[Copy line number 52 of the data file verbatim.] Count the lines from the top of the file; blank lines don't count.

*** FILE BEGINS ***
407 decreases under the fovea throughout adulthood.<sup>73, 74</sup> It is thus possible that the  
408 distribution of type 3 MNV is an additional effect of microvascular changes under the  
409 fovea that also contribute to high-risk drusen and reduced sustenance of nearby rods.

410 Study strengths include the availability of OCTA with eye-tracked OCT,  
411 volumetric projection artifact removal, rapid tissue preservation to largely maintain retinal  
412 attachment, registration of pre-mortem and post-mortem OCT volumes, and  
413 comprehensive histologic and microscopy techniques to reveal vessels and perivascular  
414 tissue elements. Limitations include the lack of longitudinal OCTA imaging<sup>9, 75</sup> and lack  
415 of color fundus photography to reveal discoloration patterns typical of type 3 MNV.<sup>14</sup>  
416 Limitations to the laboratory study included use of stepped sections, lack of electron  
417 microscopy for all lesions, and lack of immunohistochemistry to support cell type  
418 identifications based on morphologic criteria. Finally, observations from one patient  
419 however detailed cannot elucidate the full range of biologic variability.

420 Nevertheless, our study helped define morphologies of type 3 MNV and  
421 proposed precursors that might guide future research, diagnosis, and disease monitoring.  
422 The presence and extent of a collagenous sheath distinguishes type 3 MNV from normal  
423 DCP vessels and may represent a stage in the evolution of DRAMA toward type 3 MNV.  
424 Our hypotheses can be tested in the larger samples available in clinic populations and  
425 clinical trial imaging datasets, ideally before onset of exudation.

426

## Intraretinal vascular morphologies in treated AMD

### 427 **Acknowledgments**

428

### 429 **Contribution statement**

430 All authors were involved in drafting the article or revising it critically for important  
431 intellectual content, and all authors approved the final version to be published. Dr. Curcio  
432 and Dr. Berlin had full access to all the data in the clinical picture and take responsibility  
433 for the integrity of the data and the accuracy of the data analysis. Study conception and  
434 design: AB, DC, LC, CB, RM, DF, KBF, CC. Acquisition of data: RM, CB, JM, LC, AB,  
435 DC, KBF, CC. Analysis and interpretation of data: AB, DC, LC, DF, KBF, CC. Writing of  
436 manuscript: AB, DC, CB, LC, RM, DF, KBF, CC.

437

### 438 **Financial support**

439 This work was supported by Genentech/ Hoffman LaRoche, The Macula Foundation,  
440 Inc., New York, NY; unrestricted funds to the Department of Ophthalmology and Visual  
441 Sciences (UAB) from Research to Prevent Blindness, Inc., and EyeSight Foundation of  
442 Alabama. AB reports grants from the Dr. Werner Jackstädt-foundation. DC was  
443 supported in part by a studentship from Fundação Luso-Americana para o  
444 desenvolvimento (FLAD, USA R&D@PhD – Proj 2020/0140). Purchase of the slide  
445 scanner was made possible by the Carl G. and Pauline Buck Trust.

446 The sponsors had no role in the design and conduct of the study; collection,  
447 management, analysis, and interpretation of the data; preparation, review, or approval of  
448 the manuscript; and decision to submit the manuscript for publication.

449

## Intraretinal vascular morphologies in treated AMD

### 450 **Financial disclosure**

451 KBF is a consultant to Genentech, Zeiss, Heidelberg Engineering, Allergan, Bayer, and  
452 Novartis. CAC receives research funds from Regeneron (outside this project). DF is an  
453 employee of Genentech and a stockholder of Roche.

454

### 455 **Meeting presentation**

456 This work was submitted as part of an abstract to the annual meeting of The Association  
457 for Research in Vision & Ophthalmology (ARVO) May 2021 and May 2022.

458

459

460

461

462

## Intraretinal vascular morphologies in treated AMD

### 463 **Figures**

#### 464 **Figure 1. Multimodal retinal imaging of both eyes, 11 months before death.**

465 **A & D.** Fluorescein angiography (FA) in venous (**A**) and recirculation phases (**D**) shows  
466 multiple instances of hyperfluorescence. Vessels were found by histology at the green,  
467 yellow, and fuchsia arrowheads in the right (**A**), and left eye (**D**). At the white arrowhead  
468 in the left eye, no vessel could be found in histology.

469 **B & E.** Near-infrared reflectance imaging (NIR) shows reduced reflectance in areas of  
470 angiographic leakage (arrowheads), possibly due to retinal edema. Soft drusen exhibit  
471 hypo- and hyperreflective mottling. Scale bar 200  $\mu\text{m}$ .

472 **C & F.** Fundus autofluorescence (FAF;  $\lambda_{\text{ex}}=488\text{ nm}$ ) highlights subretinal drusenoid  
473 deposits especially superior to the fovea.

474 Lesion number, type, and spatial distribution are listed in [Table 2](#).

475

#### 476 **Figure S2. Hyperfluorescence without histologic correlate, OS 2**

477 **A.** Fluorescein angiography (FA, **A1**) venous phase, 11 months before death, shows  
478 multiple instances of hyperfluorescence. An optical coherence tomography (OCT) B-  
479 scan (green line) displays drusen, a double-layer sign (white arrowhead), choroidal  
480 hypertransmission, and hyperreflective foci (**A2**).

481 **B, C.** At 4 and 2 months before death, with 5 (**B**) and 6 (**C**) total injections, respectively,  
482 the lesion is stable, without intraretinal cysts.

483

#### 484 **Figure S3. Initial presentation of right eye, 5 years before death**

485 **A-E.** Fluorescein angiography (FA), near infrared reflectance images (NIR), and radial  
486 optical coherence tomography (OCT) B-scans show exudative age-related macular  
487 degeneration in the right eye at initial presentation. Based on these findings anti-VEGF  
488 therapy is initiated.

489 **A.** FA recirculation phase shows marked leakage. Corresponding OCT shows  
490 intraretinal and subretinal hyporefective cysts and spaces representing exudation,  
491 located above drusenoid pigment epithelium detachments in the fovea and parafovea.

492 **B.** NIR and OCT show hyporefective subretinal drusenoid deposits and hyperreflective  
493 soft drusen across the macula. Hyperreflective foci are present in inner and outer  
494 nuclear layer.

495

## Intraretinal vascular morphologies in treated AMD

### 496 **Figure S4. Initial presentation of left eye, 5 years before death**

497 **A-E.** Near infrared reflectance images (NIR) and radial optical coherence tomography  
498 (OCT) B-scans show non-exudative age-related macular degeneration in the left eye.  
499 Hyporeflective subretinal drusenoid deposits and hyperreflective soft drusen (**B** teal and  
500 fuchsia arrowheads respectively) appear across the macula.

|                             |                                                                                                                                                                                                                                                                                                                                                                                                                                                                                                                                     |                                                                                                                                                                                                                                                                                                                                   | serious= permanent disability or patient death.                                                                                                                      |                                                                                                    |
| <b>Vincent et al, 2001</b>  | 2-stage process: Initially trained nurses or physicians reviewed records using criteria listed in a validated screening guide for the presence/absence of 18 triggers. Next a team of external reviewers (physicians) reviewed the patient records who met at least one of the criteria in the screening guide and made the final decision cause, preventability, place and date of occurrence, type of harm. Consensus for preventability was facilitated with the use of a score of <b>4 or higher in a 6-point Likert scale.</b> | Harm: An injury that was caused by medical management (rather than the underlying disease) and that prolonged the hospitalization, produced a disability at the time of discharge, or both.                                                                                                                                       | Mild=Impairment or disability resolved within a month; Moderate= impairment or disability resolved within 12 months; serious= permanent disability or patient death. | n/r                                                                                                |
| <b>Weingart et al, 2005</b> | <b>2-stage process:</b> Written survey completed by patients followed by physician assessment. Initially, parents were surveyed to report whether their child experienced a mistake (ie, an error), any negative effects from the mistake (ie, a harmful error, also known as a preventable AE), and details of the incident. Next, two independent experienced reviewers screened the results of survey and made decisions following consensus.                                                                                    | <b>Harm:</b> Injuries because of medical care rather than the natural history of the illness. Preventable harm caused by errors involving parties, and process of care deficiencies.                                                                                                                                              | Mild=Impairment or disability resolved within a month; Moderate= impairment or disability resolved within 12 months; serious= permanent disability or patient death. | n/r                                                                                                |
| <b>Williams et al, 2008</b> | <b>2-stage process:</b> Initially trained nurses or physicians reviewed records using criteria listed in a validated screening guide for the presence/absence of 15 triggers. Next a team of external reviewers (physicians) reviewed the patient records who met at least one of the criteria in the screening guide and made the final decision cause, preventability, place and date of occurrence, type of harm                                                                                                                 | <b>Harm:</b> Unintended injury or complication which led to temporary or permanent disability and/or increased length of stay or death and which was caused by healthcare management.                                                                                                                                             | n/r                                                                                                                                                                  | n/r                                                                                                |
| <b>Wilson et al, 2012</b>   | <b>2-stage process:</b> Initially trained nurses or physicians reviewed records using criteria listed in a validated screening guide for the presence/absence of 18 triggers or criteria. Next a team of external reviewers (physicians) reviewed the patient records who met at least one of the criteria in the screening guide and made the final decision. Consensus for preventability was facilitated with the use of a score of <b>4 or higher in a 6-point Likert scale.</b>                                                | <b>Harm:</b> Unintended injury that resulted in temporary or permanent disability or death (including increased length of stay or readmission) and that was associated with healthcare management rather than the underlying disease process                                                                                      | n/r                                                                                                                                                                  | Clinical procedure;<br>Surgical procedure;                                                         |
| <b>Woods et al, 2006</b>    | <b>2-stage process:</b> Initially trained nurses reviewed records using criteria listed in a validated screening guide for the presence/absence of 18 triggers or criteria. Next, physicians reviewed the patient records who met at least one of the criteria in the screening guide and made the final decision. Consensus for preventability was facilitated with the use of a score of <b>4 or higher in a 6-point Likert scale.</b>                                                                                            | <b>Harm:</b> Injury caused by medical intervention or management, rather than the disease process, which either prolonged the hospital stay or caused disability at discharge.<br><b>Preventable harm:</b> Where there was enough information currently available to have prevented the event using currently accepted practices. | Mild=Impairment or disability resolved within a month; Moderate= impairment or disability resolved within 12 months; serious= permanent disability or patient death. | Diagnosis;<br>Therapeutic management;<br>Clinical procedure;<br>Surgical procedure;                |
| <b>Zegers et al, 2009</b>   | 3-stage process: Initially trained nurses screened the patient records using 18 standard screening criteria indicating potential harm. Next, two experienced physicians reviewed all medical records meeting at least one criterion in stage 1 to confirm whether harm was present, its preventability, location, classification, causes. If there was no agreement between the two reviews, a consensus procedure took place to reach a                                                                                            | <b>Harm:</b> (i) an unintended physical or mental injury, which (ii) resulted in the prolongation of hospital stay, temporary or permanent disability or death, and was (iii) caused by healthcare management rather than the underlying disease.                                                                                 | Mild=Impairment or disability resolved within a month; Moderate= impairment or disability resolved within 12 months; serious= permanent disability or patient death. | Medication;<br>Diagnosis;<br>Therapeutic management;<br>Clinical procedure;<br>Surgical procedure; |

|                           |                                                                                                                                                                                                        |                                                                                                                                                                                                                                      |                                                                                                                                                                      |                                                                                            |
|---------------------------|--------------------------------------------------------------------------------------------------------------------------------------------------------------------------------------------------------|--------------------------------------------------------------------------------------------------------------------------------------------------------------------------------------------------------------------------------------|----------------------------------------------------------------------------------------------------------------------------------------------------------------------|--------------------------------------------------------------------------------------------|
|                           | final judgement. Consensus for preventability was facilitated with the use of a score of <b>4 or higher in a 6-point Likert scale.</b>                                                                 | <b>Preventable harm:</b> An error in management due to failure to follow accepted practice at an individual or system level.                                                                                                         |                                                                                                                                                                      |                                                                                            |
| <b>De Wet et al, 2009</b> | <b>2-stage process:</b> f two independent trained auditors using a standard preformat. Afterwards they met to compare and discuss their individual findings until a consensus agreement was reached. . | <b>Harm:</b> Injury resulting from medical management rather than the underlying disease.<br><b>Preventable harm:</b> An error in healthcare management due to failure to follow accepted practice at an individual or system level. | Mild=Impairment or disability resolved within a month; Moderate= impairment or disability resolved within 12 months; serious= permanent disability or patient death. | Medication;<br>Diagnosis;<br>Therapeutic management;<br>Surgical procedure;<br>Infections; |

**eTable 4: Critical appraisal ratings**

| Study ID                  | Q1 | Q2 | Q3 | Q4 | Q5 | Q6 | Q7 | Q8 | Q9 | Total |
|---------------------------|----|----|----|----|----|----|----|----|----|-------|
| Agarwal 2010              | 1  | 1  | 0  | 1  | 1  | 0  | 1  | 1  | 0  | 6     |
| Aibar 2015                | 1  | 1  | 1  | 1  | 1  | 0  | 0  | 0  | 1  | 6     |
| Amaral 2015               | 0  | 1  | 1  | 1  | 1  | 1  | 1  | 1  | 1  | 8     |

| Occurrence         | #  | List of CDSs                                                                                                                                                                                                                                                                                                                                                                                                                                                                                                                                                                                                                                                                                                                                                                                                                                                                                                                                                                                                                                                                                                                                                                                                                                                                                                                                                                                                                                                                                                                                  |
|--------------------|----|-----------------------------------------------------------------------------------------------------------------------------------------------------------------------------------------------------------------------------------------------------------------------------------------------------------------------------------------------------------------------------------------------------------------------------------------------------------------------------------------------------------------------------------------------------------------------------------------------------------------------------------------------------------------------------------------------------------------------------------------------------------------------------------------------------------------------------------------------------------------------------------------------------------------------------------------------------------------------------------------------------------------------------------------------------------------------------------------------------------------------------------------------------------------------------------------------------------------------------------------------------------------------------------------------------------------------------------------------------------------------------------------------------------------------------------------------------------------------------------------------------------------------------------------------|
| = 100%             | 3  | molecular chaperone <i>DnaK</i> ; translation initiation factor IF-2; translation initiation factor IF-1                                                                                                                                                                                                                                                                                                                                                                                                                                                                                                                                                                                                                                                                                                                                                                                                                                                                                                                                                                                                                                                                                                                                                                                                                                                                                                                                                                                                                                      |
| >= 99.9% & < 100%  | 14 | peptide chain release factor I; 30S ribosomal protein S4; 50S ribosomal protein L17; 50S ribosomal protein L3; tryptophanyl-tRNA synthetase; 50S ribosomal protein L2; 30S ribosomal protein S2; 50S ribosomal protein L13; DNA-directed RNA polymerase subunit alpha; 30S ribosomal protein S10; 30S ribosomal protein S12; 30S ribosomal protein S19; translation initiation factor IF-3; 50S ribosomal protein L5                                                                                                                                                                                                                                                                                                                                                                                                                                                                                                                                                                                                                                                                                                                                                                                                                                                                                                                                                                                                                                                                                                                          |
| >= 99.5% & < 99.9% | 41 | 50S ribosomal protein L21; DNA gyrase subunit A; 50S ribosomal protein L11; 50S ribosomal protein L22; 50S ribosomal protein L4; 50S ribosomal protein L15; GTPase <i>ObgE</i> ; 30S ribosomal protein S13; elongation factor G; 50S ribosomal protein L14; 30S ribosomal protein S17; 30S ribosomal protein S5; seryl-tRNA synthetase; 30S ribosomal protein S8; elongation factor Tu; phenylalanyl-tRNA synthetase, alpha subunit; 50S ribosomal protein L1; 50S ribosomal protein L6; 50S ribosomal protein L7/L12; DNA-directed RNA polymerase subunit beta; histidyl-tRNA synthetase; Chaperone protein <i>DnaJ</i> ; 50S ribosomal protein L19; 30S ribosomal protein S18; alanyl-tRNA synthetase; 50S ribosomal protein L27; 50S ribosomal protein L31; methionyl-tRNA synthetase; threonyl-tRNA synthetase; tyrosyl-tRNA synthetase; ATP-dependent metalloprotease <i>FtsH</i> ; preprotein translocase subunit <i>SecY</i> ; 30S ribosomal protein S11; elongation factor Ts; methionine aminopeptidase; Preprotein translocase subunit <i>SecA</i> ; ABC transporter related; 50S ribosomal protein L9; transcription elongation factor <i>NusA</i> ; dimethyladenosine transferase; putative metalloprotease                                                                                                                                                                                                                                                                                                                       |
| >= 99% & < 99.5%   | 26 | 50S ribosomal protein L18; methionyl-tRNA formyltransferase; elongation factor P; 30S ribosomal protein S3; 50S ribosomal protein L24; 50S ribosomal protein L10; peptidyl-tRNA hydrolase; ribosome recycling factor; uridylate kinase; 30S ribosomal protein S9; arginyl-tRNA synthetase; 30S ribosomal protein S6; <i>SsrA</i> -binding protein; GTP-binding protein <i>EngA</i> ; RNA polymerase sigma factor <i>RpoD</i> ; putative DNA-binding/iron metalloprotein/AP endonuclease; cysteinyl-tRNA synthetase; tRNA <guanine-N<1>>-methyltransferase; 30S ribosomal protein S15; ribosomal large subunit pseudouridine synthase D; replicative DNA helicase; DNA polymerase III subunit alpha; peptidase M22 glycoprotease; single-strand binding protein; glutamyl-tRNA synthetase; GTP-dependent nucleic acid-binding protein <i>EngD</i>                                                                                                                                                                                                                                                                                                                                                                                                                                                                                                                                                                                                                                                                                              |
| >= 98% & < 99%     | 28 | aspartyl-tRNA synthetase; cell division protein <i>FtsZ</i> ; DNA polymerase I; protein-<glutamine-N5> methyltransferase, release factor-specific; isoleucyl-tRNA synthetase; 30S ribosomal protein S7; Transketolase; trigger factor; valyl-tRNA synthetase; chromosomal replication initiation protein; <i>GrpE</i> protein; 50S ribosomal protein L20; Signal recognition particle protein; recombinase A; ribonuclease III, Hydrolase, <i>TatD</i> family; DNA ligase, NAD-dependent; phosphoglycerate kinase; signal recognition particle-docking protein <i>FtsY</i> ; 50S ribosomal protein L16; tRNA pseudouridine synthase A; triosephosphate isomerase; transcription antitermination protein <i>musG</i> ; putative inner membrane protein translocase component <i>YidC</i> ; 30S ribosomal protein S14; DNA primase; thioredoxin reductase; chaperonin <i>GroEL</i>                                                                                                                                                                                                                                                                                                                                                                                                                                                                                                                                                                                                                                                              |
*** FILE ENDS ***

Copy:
456 This work was submitted as part of an abstract to the annual meeting of The Association  